Everyone can do it.
Nobody can do it.

The both sentences are very clear. I understand what they mean.

Anyone can do it

But I feel a little confused about this sentence. What does it mean?
Is it similar to Everybody can do it? or does it mean Nobody can do it?

closed as general reference by Matt E. Эллен, Mehper C. Palavuzlar, JSBձոգչ, simchona, MrHen Dec 7 '11 at 23:42

This question is too basic; it can be definitively and permanently answered by a single link to a standard internet reference source designed specifically to find that type of information. If this question can be reworded to fit the rules in the help center, please edit the question.

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    When you looked up anyone in a dictionary, what did you find that lead to this confusion? – Matt E. Эллен Dec 7 '11 at 12:15
  • I know what anyone means, but I learned it is used only with negative sentences or question sentences. It gives me the confusion. – Benjamin Dec 7 '11 at 12:19
  • Please can you explain what you mean by a negative sentence? I am having trouble understanding your confusion. – Matt E. Эллен Dec 7 '11 at 12:20
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    Hi Benjamin, I think you were taught incorrectly. "Anyone" can most certainly be used in affirmative sentences. The construction of "Anyone can..." is actually quite common. – Bjorn Dec 7 '11 at 12:25
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    You can say "anyone can do it", but not "anyone does it". In the second phrase, you have to use "everyone" (or "someone", but that changes the meaning). Maybe this distinction confused your teacher. – Peter Shor Dec 7 '11 at 14:01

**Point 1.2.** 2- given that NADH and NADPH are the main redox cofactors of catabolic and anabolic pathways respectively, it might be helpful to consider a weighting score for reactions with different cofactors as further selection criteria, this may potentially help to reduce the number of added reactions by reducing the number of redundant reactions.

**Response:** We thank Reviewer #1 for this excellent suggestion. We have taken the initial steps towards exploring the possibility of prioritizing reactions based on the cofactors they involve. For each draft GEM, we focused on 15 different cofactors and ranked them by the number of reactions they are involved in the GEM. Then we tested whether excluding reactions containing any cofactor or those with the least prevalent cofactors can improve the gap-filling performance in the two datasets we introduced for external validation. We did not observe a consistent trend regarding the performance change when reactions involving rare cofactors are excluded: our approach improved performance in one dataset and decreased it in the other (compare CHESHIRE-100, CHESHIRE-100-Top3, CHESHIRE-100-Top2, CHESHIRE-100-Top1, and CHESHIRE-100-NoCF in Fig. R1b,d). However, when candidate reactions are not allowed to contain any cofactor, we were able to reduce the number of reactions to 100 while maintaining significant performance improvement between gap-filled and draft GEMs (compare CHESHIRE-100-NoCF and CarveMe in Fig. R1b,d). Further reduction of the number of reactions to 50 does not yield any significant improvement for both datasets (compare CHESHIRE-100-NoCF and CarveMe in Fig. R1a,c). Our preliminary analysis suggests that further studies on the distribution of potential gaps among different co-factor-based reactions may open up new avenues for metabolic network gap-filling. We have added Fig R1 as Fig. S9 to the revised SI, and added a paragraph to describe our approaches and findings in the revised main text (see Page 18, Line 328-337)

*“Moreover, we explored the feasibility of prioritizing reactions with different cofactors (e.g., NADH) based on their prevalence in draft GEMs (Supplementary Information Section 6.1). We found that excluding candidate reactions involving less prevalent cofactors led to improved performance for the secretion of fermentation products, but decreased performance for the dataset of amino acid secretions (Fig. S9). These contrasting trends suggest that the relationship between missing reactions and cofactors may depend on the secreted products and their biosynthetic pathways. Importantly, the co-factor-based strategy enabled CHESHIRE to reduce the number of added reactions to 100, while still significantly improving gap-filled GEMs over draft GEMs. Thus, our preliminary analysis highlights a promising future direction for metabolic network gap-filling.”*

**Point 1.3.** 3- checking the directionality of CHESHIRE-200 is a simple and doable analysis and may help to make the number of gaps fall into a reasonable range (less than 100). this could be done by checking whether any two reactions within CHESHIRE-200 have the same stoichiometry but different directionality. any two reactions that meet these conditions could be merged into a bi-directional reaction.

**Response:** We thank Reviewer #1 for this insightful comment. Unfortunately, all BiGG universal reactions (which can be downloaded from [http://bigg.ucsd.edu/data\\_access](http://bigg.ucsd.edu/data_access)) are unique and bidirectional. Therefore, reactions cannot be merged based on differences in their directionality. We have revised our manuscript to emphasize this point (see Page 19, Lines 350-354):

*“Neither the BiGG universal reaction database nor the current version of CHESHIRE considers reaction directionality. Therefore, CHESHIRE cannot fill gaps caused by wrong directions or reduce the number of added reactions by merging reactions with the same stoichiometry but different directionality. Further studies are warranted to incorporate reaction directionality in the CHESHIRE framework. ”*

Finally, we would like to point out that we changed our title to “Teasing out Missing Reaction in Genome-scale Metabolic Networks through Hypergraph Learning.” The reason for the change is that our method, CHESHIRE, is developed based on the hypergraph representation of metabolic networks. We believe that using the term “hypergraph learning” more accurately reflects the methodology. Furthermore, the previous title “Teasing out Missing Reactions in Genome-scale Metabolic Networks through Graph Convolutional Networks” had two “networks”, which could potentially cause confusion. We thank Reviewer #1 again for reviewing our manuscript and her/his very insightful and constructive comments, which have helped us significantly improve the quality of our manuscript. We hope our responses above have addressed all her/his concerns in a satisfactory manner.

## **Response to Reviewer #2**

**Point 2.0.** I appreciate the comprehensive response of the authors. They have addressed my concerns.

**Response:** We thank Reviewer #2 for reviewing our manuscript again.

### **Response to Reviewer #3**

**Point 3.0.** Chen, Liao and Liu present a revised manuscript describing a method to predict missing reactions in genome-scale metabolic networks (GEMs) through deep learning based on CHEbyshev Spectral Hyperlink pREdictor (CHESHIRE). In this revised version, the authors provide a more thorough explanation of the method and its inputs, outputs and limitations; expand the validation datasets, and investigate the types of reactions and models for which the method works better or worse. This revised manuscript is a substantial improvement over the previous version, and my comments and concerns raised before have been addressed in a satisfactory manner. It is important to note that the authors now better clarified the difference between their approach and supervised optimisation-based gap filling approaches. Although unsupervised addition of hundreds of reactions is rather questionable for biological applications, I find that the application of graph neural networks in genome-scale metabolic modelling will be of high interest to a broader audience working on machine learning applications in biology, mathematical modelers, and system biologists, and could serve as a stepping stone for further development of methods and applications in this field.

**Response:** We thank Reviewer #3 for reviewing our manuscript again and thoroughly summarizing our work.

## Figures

There are two different uses of "any" and its relatives such as "anyone".

They are used in negative polarity sentences to replace "some" and similar quantifiers:

I have some apples

I haven't any apples

and not

*I haven't some apples

But there is a separate use of "any" in positive sentences as an indefinite quantifier, meaning "it doesn't make any difference which".


Anyone can do it


It doesn't make any difference who you choose, they can do it.

So yes, it is very close to "Everyone can do it".


Maybe I'm repeating some of what Brett wrote but I think it needs to be made clearer that "Anyone can do it" and "Everyone can do it" can have different meanings.

"Anyone can buy a ticket" may be true if the price is low enough but

"Everyone can buy a ticket" assumes that there are an infinite number (or at least 6 billion or so)


When you use every, it means it is true of 100% of the members of a group. When you use any it means that, regardless of which member of the group I choose, it will be true.

In sentences like yours, these mean the same thing, so the two sentences anyone can do it and everyone can do it have the same meaning: 'all'.


In addition to what others have said, Anyone can do it can mean that something is so easy that it's within everyone's ability.

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